Photos: 2024 AstroDay! UH Hilo faculty and students engage keiki in fun interactive science displays

This year, UH Hilo’s department of physics and astronomy had a large booth with different scientific exhibits related to the physics of light, electricity, optics, cultural astronomy and more. (And Barbie had a bad hair day.)

A group of keiki watch a Barbie doll on top of a silver dome, Barbie's hair sticking straight out all over.
Barbie has a bad hair day at the 22st Annual AstroDay on May 4, 2024. Each year, by far the most popular exhibit is the one about static electricity generated by a Van der Graaff belt generator. But this year came with a twist: on top of the machine, the crew installed a Barbie doll. Above, UH Hilo physics and astronomy student Trinity Parascandola demonstrates to amazed keiki how static electricity works. (Photo: Dept. of Physics and Astronomy/UH Hilo)

By Susan Enright.

The 22st Annual AstroDay, a free science and astronomy event put on for the public and geared toward keiki, was held on May 4 this year at the Prince Kūhiō Plaza in Hilo. The event sponsored by the Maunakea Observatories and coordinated by the University of Hawaiʻi Institute for Astronomy brings together volunteers from dozens of organizations based on Hawaiʻi Island, Maui, and Oʻahu to present science and technology activities and demonstrations to hundreds of keiki and adults.

UH Hilo’s Department of Physics and Astronomy program always participates. This year, the department had a large booth with different scientific exhibits related to the physics of light, electricity, optics, cultural astronomy and more.

Pierre Martin pictured.
Pierre Martin

“The annual AstroDay was again very well attended this year,” says R. Pierre Martin, an associate professor of physics and astronomy at the university. “During the event, several hundreds of attendees stopped by and it was a lot of fun, especially because so many keiki were interested and enjoyed our interactive displays.”

“Several of our physics and astronomy majors led the way and were wonderful during their interaction with the attendees,” adds Martin.

The astronomy department again this year brought the solar lasso exhibit, where people try to capture sun pillows with a lasso, as goes the famous legend of Maui. Keiki loved the challenge and many adults also attempted the feat.

Keiki toss a lasso around the sun.
Capturing the Sun with a lasso to slow the Sun motion, as the legend of Maui goes, under the expert eye of astronomy major Atlas Syncatto. (Photo: Dept. of Physics and Astronomy/UH Hilo)

Another exhibit prepared by Nicole Drakos, a visiting assistant professor of physics and astronomy, showed how lasers of different colors can be adsorbed or transmitted, using gummy bears (!).

“This is a neat way to explain the origin of colors found in nature, even more so with the reward of a little bag of colorful gummy bears given to each keiki,” says Martin.

Keiki attentively watch as professor uses green laser to reflect light in a box of gummy bears.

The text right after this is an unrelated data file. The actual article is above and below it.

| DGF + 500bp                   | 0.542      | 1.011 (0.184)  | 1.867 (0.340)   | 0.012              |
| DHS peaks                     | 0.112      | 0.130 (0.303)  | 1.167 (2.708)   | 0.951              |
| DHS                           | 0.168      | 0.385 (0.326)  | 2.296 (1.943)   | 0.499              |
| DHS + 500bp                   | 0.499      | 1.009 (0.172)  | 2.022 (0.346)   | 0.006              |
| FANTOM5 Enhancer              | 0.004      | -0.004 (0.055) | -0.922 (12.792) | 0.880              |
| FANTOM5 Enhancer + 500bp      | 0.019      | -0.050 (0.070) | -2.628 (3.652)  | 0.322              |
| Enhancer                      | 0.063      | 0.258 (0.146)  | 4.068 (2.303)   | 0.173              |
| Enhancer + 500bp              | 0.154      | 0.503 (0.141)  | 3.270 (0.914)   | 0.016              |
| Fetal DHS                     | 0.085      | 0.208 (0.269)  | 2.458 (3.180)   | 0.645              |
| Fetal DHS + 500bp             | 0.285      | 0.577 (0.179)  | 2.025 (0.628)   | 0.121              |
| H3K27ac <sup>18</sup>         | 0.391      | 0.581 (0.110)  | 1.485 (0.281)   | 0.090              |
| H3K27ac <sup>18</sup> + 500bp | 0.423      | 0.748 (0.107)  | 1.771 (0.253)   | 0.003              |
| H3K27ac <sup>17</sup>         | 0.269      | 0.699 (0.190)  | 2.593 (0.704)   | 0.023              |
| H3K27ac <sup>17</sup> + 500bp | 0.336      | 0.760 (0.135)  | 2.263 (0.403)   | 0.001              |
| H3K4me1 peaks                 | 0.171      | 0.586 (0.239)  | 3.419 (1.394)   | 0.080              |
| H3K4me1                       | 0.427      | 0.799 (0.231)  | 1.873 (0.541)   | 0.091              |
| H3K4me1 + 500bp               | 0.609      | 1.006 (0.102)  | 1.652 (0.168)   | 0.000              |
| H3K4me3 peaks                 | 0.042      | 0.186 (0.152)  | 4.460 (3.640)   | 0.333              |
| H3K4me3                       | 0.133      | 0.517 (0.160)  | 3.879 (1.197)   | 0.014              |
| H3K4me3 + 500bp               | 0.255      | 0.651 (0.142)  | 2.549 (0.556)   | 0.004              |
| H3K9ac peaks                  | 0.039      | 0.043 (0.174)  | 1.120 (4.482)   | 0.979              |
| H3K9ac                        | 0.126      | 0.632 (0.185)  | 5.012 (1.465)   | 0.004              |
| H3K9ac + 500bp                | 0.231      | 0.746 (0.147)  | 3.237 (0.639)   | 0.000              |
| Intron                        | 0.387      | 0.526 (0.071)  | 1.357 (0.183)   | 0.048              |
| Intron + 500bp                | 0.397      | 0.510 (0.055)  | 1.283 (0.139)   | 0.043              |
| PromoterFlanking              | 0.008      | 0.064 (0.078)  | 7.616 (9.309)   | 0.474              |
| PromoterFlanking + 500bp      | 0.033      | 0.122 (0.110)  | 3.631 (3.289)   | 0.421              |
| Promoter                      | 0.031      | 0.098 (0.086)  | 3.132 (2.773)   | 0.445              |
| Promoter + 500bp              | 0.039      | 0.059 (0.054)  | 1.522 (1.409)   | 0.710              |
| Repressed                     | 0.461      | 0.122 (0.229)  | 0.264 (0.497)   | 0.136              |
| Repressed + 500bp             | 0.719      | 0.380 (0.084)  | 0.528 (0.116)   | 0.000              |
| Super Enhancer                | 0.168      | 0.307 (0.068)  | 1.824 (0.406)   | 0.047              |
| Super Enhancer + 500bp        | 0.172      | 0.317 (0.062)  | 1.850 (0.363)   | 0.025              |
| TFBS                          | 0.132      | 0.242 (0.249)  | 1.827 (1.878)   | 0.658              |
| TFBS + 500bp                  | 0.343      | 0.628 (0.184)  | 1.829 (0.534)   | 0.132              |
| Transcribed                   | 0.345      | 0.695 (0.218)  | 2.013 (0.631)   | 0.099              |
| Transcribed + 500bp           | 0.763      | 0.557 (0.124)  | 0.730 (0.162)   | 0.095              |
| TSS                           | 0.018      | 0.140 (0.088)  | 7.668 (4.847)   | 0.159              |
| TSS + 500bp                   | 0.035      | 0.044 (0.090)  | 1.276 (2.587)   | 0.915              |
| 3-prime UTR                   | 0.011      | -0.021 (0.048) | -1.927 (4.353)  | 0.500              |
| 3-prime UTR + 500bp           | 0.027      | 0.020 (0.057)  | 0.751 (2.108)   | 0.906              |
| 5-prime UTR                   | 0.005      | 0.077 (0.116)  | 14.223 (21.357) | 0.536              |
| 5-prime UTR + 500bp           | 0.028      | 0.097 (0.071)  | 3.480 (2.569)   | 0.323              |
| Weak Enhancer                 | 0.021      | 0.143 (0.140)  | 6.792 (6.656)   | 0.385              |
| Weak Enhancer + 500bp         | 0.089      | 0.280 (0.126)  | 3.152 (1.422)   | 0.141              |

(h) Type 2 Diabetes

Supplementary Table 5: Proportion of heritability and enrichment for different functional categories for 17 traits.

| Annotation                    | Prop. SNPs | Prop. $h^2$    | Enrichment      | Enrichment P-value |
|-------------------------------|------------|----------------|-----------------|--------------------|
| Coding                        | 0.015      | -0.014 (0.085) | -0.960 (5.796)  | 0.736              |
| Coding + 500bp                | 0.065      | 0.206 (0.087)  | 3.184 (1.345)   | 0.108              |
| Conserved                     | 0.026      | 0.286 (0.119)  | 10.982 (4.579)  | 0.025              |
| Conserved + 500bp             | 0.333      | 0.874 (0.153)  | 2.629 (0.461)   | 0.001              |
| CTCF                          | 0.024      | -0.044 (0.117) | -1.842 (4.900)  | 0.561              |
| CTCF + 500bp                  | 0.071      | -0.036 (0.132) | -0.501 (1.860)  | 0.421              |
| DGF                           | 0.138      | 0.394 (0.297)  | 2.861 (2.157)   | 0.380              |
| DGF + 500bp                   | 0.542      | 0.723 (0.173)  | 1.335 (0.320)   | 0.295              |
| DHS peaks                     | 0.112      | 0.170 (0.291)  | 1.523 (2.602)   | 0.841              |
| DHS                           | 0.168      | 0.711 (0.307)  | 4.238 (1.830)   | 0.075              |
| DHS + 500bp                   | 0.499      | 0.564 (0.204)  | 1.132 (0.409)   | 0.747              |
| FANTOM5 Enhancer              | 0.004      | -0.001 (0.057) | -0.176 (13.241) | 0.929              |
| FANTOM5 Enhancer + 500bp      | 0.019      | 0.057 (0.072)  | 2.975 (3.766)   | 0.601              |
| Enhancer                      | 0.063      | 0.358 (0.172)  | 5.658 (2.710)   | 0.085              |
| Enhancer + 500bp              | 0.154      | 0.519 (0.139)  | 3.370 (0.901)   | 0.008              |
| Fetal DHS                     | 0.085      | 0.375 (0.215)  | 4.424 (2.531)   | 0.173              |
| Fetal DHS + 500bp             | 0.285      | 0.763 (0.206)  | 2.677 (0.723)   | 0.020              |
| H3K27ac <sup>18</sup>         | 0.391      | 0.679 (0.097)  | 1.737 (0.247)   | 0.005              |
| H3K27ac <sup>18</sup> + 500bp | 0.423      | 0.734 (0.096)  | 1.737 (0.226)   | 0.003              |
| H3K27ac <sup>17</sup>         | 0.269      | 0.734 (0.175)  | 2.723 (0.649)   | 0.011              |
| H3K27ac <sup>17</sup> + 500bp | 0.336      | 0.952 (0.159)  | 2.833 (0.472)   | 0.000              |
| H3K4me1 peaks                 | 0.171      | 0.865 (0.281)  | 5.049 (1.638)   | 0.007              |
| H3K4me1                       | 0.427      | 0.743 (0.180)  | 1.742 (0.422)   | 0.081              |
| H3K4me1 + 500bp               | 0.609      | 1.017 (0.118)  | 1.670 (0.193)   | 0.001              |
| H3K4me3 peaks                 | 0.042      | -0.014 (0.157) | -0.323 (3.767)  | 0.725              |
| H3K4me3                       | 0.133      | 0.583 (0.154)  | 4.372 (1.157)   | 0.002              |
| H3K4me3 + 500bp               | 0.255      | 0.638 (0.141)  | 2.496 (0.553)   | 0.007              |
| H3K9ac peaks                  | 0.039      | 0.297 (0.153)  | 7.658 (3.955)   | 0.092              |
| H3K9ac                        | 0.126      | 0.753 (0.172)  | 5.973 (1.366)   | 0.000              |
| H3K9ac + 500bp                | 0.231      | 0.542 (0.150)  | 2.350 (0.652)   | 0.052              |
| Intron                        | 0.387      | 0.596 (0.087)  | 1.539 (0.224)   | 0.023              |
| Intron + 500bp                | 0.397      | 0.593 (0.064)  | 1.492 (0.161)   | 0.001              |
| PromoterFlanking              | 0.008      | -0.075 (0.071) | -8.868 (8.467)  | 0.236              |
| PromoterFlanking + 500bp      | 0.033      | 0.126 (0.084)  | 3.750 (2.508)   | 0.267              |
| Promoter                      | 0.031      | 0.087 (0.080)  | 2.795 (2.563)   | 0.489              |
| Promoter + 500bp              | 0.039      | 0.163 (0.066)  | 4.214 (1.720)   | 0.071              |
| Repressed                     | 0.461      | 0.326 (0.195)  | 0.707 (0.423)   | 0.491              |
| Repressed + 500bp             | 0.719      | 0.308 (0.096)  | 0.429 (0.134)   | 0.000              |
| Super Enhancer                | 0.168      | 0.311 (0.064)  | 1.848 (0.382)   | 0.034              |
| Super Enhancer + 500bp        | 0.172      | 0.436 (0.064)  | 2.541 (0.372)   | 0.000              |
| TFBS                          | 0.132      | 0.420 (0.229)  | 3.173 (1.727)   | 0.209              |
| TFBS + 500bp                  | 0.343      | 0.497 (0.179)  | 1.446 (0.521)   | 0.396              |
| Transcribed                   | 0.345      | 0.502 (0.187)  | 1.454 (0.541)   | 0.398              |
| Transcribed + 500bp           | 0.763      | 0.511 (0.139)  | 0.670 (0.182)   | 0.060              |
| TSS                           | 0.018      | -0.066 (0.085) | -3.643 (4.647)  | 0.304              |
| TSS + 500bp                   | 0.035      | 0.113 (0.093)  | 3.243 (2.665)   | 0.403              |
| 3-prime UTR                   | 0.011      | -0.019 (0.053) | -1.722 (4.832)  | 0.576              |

Assistant Professor Nicole Drakos shows how a set of gummy bears can reflect or absorb laser light of different colors, an intriguing way to explain the origin of colors in nature. (Photo: Dept. of Physics and Astronomy/UH Hilo)
Keki listen to Chloe as she gestures during her explanation about light.
Undergraduate student Chloe Tysler explains the properties of light, lasers, and colors to attendees. (Photo: Dept. of Physics and Astronomy/UH Hilo)

In another interactive display, the UH Hilo team installed two large mirrors that created interesting images when keiki moved in front of them, in particular one mirror forming inverted images. Martin says it was very intriguing for many keiki, trying to “catch” their upside down image by moving sideways up and down.

Two keiki on the right try to understand why their images in the large concave mirror are upside down. (Photo: Dept. of Physics and Astronomy/UH Hilo)

Martin says by far the most popular exhibit each year is the one about static electricity generated by a Van der Graaff belt generator. But this year came with a twist: on top of the machine, the crew installed a Barbie doll.

“The large static electricity resulted in a very bad hair day for Barbie,” says Martin. “It was a lot of fun explaining to keiki what was happening and we cannot count how many pictures and videos were taken of that exhibit alone.”

“And no worries,” he adds, “no Barbie doll was injured in the making of the exhibit!”

Student stands next to display with Barbie perched atop a silver dome with her hair sticking out all over because of static electricity.
The “bad hair day” Barbie sitting on the Van der Graaff machine, with student Xavier Tablit ready to explain the wonders of static electricity. (Photo: Dept. of Physics and Astronomy/UH Hilo)

Story by Susan Enright, a public information specialist for the Office of the Chancellor and editor of UH Hilo Stories. She received her bachelor of arts in English and certificate in women’s studies from UH Hilo.

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